if Congress and the next administration develop a credible new globalization doctrine for the 21st century — melding tough trade enforcement with a robust national competitiveness agenda — then necessary trade-opening steps like the Trans-Pacific Partnership will once again be on the table and the U.S. economy will begin to thrive once again.

When it comes to Trade Adjustment Assistance, however, as Congressman Jim McDermott recently stated in an article, workers do not want handouts and training.  They want jobs.  The only trade remedy that actually provides jobs is the Trade Adjustment Assistance for Firms/Companies program and MEP, another manufacturing program.

FREE TRADE REQUIRES COMPETITIVE US COMPANIES— TAA FOR FIRMS/COMPANIES AND THE MEP MANUFACTURING PROGRAM ARE THE ANSWER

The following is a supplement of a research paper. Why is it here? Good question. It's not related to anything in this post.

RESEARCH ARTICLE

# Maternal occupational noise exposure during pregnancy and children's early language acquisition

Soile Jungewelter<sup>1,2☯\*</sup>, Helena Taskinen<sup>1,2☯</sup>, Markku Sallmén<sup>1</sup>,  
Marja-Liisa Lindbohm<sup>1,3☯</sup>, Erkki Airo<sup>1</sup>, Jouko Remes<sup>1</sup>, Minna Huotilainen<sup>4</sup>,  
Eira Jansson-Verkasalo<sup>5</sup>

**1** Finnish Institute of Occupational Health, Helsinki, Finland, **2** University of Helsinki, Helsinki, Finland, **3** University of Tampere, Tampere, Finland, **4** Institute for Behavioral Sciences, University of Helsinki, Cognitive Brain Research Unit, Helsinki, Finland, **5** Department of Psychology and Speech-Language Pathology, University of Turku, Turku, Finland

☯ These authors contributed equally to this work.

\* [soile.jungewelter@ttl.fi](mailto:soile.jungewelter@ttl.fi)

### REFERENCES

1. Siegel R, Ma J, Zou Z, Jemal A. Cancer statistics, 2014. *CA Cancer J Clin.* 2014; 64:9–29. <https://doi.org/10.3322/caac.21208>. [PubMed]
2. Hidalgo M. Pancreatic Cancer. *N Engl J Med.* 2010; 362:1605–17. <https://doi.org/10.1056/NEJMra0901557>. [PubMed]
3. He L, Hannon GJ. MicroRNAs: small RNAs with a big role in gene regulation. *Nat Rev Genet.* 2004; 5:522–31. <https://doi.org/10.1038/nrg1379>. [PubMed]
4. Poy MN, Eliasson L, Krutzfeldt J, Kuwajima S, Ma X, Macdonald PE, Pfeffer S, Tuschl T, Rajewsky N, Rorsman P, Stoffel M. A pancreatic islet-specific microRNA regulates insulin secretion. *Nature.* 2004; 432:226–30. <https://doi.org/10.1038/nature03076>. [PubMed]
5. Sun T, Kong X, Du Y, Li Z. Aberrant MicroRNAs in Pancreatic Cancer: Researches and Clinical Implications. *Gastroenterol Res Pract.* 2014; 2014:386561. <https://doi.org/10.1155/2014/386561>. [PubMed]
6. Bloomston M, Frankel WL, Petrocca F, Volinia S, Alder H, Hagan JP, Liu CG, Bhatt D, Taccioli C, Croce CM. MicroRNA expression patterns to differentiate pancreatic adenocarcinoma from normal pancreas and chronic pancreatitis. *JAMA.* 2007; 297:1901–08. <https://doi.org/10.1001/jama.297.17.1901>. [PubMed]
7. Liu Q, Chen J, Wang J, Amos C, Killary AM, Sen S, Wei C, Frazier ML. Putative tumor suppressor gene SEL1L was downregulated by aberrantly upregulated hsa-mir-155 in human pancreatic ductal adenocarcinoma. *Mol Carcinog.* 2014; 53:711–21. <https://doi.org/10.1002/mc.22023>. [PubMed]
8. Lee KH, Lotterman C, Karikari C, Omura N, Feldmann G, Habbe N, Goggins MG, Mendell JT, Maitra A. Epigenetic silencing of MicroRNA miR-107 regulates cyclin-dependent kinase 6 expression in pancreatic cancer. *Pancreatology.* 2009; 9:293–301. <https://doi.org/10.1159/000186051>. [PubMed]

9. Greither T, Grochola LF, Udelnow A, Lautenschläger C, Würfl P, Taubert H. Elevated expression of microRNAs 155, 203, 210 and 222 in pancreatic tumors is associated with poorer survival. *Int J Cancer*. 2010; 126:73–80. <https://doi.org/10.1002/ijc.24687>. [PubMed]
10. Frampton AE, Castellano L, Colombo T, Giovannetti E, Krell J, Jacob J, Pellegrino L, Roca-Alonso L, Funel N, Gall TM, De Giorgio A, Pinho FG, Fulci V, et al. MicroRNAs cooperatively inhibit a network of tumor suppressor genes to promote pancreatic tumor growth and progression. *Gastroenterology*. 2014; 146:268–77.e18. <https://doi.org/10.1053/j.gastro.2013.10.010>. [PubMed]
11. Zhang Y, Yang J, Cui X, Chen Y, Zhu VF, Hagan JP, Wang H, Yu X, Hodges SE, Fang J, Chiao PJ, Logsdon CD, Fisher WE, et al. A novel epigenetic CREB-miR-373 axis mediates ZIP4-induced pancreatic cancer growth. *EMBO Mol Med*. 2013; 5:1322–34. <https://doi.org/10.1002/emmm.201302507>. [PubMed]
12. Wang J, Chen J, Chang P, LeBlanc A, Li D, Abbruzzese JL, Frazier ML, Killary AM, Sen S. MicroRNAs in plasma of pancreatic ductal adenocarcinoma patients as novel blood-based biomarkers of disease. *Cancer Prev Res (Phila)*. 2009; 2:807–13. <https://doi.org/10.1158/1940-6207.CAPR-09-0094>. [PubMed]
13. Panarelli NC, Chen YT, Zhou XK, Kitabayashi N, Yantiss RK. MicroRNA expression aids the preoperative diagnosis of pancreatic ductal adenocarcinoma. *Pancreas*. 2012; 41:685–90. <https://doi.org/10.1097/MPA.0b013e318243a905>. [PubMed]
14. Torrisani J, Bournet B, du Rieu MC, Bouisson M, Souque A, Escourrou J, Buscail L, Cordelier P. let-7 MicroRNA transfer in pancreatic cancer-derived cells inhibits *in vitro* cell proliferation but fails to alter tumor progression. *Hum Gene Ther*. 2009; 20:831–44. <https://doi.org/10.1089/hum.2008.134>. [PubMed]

On August 17th, in a letter to the Wall Street Journal, the author referred to “the longstanding Republican promotion of trade as an engine of growth.” The author then goes on to state:

But what Donald Trump sees and the Republican elites have long missed is that for trade to be a winner for Americans, our government must provide policies for our industries to be the most competitive in the world. Mr. Zoellick and others promoted trade without promoting American competitiveness.  . . .

Mr. Zoellick should take a lesson from the American gymnasts in Rio and see how competitiveness leads to winning.

Although Donald Trump might agree with that point, there are Government programs already in effect that increase the competitiveness of US companies injured by imports, but they have been cut to the bone.

This is despite the fact that some of the highest paying American jobs have routinely been in the nation’s manufacturing sector. And some of the highest prices paid for the nation’s free trade deals have been paid by the folks who work in it. What’s shocking is the fact that that isn’t shocking anymore. And what’s really shocking is that we seem to have accepted it as the “new normal.” Now where did that ever come from?